Monday, April 30, 2007 - 8:00 AM

On the roles of accessory proteins and processivity in enzymatic degradation of chitin

Svein J. Horn1, Gustav Vaaje-Kolstad1, Pawel Sikorski2, Morten Sørlie1, Kjell M. Vårum3, and Vincent G.H. Eijsink1. (1) Department of Chemistry, Biotechnology and Food Science, Norwegian University of Life Sciences, P.O. Box 5003, Aas, N-1432, Norway, (2) Department of Physics, Norwegian University of Science and Technology, Trondheim, N-7491, Norway, (3) Department of Biotechnology, Norwegian University of Science and Technology, Trondheim, N-7491, Norway


Serratia marcescens produces three family 18 chitinases and a chitin-binding protein, CBP21, that convert the recalcitrant insoluble polysaccharide chitin to chitobiose. Using the unique experimental possibilities provided by the soluble chitin-derivative chitosan (partially deacetylated chitin), we have studied the properties of the three chitinases. ChiC is a non-processive endo-acting enzyme, whereas ChiA and ChiB act in a processive fashion after initial endo-binding, presumably in opposite directions [1,2]. Systematic mutations of aromatic residues lining sugar-binding sites close to the catalytic centre of ChiB revealed that some of these residues are essential for processivity [3]. ChiB variants displaying reduced processivity were less effective in degrading solid chitin, presumably because detached single polymer chains are no longer kept from re-associating with the solid material in between catalytic events. Most remarkably, these same mutants showed a large increase in the degradation rate for non-solid substrates, such as the single soluble polymer chains of chitosan [3]. Thus, processivity comes at a cost in terms of enzyme speed. Recently, we discovered that CBP21 adds to chitin degradation by increasing the accessibility of the substrate for chitinases [4]. Helper proteins such as CBP21 are a potentially valuable tool for biomass turnover and may provide an alternative for processivity as a mechanism for improving substrate disruption and accessibility.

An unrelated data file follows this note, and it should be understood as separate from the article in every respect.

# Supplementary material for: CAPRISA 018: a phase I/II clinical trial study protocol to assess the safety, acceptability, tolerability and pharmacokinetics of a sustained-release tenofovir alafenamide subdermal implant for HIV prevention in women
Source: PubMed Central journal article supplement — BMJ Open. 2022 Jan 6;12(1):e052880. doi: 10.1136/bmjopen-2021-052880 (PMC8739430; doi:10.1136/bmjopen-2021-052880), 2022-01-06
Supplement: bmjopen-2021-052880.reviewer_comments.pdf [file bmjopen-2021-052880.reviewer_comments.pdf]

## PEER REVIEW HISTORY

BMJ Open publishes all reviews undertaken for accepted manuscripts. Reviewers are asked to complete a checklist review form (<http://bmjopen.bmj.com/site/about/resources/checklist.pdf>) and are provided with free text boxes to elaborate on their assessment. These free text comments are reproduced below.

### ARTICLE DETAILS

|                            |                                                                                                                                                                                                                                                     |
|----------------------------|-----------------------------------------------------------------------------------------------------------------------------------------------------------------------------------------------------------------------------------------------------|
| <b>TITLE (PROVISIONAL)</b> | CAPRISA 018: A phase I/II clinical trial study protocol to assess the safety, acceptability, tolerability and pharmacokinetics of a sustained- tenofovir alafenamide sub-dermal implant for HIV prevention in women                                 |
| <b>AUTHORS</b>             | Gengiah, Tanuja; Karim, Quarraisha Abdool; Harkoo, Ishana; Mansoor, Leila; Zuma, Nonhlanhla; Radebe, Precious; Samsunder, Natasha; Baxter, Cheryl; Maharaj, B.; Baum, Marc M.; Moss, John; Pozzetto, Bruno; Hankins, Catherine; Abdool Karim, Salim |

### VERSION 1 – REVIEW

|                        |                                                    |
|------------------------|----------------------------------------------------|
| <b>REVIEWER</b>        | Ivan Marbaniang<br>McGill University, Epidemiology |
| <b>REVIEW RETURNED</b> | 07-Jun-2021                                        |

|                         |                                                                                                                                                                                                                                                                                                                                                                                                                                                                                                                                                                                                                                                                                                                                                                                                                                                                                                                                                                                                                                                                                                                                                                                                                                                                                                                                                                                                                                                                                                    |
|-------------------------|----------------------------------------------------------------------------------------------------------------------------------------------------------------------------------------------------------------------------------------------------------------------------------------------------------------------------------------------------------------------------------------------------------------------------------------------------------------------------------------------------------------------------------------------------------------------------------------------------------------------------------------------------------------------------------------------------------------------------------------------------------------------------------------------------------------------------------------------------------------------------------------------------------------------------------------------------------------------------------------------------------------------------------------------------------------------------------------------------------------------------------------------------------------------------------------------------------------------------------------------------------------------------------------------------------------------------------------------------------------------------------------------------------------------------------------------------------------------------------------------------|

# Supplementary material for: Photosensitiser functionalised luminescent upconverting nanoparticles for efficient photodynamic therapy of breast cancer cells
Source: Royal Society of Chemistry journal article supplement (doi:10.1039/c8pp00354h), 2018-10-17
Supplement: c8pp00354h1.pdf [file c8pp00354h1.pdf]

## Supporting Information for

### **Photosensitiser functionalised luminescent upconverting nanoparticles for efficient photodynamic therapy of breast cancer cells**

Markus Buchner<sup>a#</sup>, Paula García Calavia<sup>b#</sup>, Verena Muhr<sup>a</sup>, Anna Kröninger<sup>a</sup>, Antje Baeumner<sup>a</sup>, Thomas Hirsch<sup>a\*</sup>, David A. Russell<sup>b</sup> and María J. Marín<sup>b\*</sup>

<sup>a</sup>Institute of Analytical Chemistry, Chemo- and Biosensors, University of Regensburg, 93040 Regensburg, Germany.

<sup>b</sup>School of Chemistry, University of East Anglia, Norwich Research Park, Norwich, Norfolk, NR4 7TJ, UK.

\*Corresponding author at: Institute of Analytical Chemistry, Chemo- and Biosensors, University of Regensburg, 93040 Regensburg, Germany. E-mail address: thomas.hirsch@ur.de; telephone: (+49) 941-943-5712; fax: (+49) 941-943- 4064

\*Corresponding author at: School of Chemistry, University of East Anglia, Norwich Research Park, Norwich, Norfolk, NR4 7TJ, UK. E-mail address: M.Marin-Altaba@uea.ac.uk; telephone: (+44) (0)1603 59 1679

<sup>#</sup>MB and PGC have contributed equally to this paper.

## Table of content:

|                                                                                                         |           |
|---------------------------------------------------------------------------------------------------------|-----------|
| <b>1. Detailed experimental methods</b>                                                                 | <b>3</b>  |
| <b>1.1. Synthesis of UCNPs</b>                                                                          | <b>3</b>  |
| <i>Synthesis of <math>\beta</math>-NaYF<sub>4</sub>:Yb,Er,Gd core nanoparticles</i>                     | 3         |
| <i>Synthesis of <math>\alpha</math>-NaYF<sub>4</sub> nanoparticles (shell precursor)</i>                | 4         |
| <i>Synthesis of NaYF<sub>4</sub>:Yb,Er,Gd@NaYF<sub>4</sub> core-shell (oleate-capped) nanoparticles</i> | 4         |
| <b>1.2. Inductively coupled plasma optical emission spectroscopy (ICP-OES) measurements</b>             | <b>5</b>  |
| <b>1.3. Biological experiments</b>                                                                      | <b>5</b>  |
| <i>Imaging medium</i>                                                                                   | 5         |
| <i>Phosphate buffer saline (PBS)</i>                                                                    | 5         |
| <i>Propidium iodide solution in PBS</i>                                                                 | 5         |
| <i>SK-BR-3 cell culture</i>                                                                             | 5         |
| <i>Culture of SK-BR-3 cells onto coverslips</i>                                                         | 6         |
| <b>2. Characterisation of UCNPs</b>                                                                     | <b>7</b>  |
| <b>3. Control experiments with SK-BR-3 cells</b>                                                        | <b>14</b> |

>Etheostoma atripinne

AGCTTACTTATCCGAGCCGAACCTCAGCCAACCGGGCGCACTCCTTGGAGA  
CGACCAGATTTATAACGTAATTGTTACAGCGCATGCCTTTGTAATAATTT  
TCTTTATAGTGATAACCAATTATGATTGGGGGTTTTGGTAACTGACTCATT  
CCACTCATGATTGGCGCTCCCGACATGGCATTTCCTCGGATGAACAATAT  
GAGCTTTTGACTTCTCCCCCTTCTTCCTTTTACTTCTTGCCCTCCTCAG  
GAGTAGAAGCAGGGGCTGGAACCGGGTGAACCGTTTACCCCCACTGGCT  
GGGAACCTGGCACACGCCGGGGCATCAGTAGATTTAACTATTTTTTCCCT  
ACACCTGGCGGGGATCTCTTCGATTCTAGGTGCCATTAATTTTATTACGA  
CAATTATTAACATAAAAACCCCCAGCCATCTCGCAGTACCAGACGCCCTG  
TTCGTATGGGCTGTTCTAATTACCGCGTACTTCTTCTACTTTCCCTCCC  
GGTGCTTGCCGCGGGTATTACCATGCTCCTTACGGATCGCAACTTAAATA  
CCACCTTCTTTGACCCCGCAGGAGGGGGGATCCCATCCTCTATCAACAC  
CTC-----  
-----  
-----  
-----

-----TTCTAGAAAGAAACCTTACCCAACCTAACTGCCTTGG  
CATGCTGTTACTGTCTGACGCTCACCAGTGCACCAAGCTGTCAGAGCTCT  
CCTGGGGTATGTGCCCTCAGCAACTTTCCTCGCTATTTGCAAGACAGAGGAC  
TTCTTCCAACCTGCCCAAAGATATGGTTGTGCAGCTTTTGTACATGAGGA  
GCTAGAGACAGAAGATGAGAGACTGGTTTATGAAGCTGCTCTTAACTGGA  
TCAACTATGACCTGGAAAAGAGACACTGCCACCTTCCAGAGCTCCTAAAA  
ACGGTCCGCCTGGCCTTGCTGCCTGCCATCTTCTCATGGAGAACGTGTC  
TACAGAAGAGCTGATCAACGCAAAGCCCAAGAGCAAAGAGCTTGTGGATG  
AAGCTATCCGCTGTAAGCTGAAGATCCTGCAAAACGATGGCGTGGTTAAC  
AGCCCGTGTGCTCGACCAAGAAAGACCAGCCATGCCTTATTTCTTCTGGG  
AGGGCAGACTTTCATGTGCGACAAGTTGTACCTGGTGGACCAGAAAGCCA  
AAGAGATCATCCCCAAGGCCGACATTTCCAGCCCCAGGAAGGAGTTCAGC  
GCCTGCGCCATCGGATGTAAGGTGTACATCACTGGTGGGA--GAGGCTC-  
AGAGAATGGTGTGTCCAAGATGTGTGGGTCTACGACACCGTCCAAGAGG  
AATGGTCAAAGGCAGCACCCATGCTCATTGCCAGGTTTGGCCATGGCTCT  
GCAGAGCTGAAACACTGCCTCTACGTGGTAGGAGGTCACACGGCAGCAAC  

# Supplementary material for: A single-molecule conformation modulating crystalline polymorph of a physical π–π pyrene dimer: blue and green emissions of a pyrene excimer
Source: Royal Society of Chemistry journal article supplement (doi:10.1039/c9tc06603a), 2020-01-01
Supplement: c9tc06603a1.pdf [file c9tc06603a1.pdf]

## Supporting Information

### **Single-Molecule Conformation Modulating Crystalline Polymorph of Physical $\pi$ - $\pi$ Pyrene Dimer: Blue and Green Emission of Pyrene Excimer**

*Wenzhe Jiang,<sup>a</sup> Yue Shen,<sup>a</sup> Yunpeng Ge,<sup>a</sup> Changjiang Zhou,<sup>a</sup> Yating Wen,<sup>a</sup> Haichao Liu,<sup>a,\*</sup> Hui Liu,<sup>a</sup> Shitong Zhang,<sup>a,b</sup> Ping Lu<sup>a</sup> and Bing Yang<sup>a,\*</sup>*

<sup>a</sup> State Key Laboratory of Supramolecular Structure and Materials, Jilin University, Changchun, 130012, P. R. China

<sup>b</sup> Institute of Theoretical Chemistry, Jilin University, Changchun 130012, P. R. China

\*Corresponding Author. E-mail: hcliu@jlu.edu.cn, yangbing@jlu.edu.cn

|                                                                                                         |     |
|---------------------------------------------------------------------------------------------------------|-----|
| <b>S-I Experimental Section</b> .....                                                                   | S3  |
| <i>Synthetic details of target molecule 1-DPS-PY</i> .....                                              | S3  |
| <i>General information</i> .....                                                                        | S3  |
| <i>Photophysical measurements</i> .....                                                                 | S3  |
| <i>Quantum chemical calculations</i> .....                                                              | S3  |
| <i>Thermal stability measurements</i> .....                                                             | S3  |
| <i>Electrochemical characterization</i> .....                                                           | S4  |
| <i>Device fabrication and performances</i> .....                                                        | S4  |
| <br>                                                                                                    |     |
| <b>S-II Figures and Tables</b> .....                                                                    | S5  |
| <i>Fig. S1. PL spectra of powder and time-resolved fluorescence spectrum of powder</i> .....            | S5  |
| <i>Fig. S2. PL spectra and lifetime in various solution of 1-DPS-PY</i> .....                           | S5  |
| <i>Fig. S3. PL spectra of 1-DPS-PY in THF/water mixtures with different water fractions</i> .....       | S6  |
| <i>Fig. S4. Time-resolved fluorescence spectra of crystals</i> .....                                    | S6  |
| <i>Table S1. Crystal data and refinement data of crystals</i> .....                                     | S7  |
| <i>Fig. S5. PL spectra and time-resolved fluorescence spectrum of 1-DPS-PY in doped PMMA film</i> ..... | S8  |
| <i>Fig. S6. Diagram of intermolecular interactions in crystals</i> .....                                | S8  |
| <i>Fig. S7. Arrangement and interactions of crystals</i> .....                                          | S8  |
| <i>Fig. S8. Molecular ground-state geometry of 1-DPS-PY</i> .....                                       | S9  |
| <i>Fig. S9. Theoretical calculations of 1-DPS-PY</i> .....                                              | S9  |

[1] Horn SJ et al., 2006, FEBS J. 273:491-503.

[2] Sikorski P et al., 2006, Biochemistry 45:9566-9574.

[3] Horn SJ et al., 2006, Proc. Natl. Acad. Sci. USA 103:18089-18094.

[4] Vaaje-Kolstad G et al., 2005, J. Biol. Chem. 280:28492-28497.


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